The average person uses around 145 liters or 38 gallons of water per day. You could estimate your household water usage based on all your hand-washing, dishwashing, and showering activities, or use a water use calculator like this one.
Distance From Well To Pressure Tank
The distance from the well pump to the pressure tank affects the pressure once the water reaches the tank. The further the distance between the pump and the pressure tank, the more pressure will be lost.
If your well is located further away from the pressure water tank, you might need to compensate for the reduced pressure with a larger tank that has a higher drawdown capacity.
Submersible Vs Jet Pump
The type of pump used in your well can also affect the size of the pressure tank needed.
Submersible pumps operate around 30% faster than jet pumps, which means they pump a larger volume of water. It often makes sense to combine a submersible pump with a larger pressure water tank.
Jet pumps, on the other hand, don’t require such a large tank because they generally move smaller volumes of water per minute.
✅ The Importance Of A Properly Sized Pressure Tank
Wondering why your new pressure tank size matters?
There are a couple of reasons why you should make sure you buy the right-size pressure tank for your home:
To Give You Access To Water On Demand
With any well system, you want to make sure you’re delivered enough water at all times – even during peak usage.
If your pressure water tank is too small, you might end up experiencing pressure drops as your tank empties and the pump struggles to refill it on time to keep up with your needs.
A properly sized tank, on the other hand, will have a large enough tank volume to deliver all the water you need. It’s always best to get a slightly larger tank than you think you’ll need for that reason.
To Reduce How Often The Pump Turns On And Off
A well pump works in tandem with the pressure water tank.
When the pressure in the tank drops below a certain number, the pressure switch sends a signal to the pump, and the pump turns on. Then, once a certain pressure in the tank has been achieved, the pump shuts off.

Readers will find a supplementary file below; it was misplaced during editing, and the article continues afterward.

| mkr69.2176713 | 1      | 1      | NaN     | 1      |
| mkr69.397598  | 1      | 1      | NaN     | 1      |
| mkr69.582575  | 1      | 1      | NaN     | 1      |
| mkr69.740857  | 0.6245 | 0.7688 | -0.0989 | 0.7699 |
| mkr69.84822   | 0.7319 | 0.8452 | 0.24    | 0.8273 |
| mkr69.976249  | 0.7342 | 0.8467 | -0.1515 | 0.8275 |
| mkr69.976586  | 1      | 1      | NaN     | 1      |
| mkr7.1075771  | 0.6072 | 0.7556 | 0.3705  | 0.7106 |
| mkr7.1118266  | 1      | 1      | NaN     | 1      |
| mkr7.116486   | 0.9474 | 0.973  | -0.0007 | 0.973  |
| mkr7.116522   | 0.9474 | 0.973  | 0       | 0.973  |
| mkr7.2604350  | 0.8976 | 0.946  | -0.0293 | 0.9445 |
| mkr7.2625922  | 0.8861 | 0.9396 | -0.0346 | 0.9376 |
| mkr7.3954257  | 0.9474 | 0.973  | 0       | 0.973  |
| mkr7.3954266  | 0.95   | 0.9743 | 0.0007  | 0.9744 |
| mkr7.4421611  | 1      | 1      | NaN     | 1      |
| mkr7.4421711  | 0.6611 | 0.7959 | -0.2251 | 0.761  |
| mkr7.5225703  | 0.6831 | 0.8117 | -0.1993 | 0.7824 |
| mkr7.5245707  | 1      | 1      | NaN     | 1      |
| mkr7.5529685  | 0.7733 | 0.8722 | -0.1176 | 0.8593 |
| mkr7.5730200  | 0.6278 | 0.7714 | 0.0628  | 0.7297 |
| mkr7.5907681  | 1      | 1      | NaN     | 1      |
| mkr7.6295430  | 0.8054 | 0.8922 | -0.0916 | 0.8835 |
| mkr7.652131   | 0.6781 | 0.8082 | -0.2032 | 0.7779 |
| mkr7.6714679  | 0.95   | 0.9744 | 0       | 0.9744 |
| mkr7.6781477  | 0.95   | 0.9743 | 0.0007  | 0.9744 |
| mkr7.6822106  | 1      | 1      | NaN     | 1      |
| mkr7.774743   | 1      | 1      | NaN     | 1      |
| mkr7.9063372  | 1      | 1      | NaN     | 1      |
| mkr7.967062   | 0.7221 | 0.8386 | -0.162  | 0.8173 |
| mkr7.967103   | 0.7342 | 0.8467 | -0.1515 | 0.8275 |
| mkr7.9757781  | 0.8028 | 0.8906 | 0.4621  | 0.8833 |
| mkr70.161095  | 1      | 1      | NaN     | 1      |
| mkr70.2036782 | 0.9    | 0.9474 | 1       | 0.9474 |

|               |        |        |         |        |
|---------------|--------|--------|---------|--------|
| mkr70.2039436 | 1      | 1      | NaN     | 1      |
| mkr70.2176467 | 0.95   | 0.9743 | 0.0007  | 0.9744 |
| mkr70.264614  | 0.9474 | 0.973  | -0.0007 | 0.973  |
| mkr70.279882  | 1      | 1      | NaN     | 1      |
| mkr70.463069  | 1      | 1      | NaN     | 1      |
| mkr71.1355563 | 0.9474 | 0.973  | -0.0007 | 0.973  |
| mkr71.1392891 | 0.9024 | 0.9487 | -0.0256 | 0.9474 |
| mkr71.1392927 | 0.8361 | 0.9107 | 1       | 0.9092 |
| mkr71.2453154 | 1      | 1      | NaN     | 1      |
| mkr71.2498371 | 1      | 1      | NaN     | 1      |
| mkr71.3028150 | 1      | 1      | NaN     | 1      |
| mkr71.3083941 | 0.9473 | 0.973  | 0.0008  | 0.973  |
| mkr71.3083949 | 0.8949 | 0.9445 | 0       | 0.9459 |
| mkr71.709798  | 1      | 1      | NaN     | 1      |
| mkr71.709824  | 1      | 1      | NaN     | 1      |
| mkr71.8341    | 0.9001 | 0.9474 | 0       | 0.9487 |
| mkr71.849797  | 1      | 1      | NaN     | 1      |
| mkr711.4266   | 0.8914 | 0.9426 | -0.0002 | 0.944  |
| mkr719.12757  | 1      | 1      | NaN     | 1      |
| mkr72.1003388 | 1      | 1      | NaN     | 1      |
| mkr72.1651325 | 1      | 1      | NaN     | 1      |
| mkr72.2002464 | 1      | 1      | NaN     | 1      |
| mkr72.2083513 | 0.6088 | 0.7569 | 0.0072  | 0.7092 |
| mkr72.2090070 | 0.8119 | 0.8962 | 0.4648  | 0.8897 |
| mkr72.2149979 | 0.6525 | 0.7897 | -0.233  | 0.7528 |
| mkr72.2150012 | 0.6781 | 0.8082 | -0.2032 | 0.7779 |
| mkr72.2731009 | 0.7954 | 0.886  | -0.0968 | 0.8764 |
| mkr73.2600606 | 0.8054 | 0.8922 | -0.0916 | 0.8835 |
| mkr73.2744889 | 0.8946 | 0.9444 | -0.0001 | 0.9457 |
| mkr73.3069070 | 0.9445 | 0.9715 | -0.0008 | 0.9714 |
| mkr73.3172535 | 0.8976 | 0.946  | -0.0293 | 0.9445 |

If your pressure water tank is too small for your water needs, the pump will need to turn on and off frequently to refill the tank, causing the motor to burn out at a faster rate and shortening its lifespan.
❔ Well Water Pressure Tank Sizing: FAQ
Can you oversize a well pressure tank?
Yes, it’s possible to oversize a well pressure tank in your home. An oversized well pressure tank might be too demanding for your well pump, requiring it to run for long periods. But, if your well pump is properly sized to your well make-up, this shouldn’t be an issue. In short, there are more problems that come from an undersized pressure tank than an oversized tank.
Is a 20 gallon pressure tank big enough?
A 20-gallon tank has 6 gallons of drawdown, which means it’ll only work if your well pump has a flow rate of less than 7 GPM. If your well pump’s flow rate is higher than this, you’ll need to size up with the pressure tank.
What happens if pressure tank is too small?
If your well pressure tank is too small, it’ll need a lot of pump cycles (when the pump switches on to deliver water into the tank, then switches off again) because the rate of water usage in the tank will be too fast. As a result, the well pump will use more electricity and may need early repair or replacement. That’s why it’s so important to have a properly sized pressure tank.
Will a bigger pressure tank give me more water pressure?
No. A pressure tank has an adjustable pressure, and increasing the tank won’t give you more water pressure in your home. A larger tank will simply produce more gallons of drawdown, meaning that the well pump will need to have a higher pressure rating to effectively deliver water into the tank.
What is a well pressure tank’s pressure switch setting?
The pressure switch setting in a pressure water tank is two numbers: the cut-in pressure and the cut-out pressure. Pressure switch settings, depends on the tank size, and can be 20/40, 30/50, and 40/60. Let’s say a tank has a 40/60 pressure switch. When the tank is full, the pressure is 60 PSI. But as the water is gradually delivered to your plumbing system, the pressure drops. Once this pressure reaches 40 PSI, the pump will be activated to draw more water into the tank. The pump shut off will occur when the pressure in the tank achieves 60 PSI once more.